Last night, in Nottingham, after the lights went day, Bob had the audience
in his hand and then he lost them. He actually lost them before he
appeared. The recorded pre-ample lost them and he so nearly got them back
with his presence but then he lost them again. The full house mainly
hadn’t seen Bob live before, judging by the accents I heard from all
around me. I think this was the first time Bob has played Nottingham. Some
people have been waiting a very long time for this event. When the words
‘Bob Dylan’ ended the pre-amble there was an incredible, audible in-take
of air from the audience as they realised who was actually going to sing
for them. They all stood up in the main arena and cheered and then they
all sat down again and stayed there until the encores.

I think if Bob Dylan could do what he never has done and sit in an
audience and watch Bob Dylan he would be very surprised. He is still
performing as well as ever and I loved the concert and his music and
performance but he didn’t engage with the audience last night. It’s like
if he were a stand-up comic he wouldn’t be getting the laughs. The
audience get the joke and love the comedian but they are not part of the
performance. Ask any comedian what its like to lose an audience and then
try to get them back. Ask any schoolteacher. Ask anyone. The Jokerman is
the last to know and until he watches his own show as I did last night or
someone tells him he’ll never find out.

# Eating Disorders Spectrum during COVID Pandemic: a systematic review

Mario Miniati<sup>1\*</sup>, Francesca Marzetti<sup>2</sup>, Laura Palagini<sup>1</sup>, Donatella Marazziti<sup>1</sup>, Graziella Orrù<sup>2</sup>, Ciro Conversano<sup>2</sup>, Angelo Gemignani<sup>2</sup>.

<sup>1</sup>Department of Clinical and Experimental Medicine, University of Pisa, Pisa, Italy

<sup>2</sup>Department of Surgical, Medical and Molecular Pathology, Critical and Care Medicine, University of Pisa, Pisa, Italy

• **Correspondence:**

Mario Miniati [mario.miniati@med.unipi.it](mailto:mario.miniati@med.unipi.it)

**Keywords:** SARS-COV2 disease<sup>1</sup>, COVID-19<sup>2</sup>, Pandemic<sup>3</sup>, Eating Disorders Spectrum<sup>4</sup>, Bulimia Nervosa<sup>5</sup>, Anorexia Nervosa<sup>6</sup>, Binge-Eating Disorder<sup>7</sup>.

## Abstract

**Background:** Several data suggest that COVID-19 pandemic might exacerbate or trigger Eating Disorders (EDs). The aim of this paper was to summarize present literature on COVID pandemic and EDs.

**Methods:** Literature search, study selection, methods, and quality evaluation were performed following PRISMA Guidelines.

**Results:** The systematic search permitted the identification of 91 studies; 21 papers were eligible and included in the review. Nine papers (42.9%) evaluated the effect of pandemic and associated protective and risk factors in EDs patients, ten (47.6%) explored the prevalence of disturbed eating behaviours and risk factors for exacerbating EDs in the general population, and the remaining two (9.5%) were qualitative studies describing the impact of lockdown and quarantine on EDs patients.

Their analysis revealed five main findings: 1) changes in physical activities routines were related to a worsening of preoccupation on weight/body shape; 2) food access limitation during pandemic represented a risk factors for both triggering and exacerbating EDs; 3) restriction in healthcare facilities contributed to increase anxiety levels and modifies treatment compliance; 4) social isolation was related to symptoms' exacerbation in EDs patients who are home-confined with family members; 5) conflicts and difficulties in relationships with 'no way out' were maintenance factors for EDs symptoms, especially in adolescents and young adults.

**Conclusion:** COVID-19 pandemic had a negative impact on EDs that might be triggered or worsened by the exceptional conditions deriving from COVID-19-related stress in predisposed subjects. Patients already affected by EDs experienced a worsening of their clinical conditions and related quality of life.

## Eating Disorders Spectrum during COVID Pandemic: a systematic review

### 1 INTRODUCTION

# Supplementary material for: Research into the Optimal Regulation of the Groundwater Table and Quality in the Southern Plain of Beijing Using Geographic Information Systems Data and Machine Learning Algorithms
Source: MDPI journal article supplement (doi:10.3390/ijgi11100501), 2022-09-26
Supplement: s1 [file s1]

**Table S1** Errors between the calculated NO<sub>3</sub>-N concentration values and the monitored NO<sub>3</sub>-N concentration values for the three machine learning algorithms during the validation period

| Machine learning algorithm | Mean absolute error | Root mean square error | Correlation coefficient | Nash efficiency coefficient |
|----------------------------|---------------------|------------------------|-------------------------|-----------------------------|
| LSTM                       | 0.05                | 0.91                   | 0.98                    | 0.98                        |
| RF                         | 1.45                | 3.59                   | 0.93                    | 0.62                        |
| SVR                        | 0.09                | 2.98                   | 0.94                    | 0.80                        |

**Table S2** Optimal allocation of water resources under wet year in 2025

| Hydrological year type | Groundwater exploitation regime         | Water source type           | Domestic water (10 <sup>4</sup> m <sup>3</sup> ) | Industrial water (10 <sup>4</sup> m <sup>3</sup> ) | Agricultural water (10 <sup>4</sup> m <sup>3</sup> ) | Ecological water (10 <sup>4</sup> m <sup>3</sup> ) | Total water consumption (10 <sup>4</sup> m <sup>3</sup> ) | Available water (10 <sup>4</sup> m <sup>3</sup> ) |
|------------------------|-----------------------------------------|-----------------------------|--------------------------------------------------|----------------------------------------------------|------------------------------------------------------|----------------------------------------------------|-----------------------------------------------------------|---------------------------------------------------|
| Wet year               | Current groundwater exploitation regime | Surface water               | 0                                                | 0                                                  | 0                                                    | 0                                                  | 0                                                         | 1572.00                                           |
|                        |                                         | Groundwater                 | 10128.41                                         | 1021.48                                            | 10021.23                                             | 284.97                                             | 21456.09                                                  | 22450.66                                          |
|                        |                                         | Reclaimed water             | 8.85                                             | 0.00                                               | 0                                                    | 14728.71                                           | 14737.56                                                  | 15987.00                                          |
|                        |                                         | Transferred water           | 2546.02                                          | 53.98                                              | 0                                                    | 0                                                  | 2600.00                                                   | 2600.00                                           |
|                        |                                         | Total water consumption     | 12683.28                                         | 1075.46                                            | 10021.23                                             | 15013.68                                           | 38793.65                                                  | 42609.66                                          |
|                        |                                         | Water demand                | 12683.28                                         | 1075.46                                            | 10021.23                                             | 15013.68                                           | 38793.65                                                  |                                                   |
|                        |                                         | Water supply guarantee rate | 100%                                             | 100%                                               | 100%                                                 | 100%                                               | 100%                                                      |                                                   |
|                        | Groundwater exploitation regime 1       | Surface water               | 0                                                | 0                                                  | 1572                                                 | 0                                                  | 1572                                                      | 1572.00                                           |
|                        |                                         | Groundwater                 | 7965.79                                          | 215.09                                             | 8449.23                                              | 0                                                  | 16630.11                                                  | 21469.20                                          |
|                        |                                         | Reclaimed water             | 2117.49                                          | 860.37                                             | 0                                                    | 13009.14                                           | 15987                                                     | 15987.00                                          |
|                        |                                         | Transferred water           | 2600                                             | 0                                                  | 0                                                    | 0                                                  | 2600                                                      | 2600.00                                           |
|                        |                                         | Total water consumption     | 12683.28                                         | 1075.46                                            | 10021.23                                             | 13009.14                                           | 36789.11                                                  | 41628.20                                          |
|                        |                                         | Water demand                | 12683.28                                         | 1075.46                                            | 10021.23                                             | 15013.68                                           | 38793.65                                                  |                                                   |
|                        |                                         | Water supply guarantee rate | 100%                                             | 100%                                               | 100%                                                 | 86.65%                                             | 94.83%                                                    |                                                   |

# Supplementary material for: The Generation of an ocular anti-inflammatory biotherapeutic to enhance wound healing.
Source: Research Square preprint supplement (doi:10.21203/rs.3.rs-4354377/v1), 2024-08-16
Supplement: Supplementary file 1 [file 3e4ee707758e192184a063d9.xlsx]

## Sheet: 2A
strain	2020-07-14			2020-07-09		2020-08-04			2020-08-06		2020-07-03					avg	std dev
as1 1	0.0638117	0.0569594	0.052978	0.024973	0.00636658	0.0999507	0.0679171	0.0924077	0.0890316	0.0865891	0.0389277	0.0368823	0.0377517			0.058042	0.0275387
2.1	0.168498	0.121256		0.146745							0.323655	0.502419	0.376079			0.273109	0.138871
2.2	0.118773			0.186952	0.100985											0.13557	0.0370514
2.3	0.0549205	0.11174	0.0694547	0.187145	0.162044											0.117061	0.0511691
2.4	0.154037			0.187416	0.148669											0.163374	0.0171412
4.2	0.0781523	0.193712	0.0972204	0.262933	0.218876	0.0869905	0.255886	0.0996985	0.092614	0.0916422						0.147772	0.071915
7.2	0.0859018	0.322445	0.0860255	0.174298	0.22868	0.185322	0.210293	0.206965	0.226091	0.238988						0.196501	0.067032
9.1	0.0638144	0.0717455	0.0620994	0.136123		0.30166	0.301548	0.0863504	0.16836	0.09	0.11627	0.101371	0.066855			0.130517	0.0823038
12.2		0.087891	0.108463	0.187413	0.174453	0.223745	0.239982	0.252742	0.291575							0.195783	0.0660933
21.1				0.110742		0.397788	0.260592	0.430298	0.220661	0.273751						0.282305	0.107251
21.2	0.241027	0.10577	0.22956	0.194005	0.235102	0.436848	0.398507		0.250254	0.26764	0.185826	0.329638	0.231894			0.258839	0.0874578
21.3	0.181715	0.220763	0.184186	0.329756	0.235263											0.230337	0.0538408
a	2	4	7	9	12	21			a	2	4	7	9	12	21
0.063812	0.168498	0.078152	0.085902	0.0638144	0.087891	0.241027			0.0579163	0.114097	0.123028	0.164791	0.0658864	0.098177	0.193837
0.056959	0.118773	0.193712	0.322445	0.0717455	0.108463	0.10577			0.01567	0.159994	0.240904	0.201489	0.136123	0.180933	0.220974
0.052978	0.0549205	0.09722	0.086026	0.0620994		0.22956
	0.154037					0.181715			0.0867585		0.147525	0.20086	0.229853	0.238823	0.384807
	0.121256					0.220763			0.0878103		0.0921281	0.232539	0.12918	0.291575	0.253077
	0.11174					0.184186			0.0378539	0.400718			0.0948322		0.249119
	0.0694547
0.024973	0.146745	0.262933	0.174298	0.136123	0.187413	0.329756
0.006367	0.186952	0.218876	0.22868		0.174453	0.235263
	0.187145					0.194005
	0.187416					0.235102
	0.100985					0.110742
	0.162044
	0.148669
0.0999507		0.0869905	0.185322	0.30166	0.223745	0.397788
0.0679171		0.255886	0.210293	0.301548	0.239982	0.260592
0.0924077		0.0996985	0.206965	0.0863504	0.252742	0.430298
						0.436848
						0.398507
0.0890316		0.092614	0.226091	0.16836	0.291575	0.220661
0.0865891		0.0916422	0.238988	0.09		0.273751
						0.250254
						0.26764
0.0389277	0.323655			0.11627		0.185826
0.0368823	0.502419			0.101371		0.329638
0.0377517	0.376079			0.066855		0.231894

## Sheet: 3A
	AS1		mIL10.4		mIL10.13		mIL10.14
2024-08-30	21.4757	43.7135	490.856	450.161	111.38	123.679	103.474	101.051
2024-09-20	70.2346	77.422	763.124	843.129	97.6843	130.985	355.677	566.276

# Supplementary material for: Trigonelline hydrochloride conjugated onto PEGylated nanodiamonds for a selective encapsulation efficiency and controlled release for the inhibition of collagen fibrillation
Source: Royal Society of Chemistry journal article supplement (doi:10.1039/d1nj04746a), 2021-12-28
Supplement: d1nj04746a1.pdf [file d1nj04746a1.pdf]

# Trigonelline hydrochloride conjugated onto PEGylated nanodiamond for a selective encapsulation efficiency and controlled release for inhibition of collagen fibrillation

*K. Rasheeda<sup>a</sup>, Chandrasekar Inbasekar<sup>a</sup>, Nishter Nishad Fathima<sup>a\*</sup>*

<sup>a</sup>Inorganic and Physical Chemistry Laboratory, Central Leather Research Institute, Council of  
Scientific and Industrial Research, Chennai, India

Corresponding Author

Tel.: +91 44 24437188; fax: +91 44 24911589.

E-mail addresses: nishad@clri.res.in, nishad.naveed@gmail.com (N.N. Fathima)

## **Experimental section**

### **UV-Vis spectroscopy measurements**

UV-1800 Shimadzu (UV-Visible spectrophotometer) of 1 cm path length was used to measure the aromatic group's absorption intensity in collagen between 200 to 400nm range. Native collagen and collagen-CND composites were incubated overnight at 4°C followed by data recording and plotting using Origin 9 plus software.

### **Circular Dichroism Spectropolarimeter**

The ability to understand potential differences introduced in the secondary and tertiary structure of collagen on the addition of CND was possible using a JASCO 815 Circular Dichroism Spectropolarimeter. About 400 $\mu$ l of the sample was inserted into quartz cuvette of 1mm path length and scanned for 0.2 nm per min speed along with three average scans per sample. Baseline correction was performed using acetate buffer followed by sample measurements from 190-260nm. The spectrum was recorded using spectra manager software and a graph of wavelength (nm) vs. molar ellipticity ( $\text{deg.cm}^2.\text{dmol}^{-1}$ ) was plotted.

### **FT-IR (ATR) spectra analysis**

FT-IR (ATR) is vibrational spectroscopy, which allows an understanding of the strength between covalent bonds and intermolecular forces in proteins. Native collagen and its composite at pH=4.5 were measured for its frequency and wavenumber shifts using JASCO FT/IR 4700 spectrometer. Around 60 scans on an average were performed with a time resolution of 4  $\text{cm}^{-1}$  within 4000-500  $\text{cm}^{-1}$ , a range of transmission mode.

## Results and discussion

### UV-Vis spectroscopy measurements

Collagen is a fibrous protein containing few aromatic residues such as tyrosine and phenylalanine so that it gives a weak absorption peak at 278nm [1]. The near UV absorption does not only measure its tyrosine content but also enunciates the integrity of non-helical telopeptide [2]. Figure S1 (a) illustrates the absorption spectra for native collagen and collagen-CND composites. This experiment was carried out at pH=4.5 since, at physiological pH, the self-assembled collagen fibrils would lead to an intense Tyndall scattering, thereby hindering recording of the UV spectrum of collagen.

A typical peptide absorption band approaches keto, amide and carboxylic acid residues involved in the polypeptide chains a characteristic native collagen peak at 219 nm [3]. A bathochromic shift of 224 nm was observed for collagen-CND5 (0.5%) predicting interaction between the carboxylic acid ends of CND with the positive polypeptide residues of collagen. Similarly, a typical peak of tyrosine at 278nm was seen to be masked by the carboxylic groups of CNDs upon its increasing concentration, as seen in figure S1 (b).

G.L. Thomas


Review by Rob Hastings

No support act? The main artist onstage at 7:30? If you think that breaks the usual rules for a 
modern rock gig, Bob Dylan did not even turn his face to the crowd until the very end of his set, 
during the first night of the legendary misanthrope's latest UK jaunt. However, Dylan is probably 
the only musician alive who could do this without alienating his fans, as the man labelled Judas 
by angry folkies back in '66 is viewed as no less than a Jesus-figure by his most loyal followers 
today. You only had to see one particular fan's T-shirt proclaiming 'In the beginning God created 
Dylan,' to realise this is no exaggeration.

Beginning with an incendiary version of 'Maggie's Farm,' the set was bursting with bluesy 
rock 'n roll throughout. His accompanying five-piece band were of the utmost quality you would 
expect to be fleshing out such legendary songs, and 'Highway 61 Revisited' was certainly a 
highlight thanks to their efforts. Meanwhile the exquisite poetry of 'Love Minus Zero' glittered 
even more than the star lights on the stage backdrop. Admittedly, Dylan's vocals did turn into 
the breathless husk of an obese Texan stuck in his favourite armchair at one point, and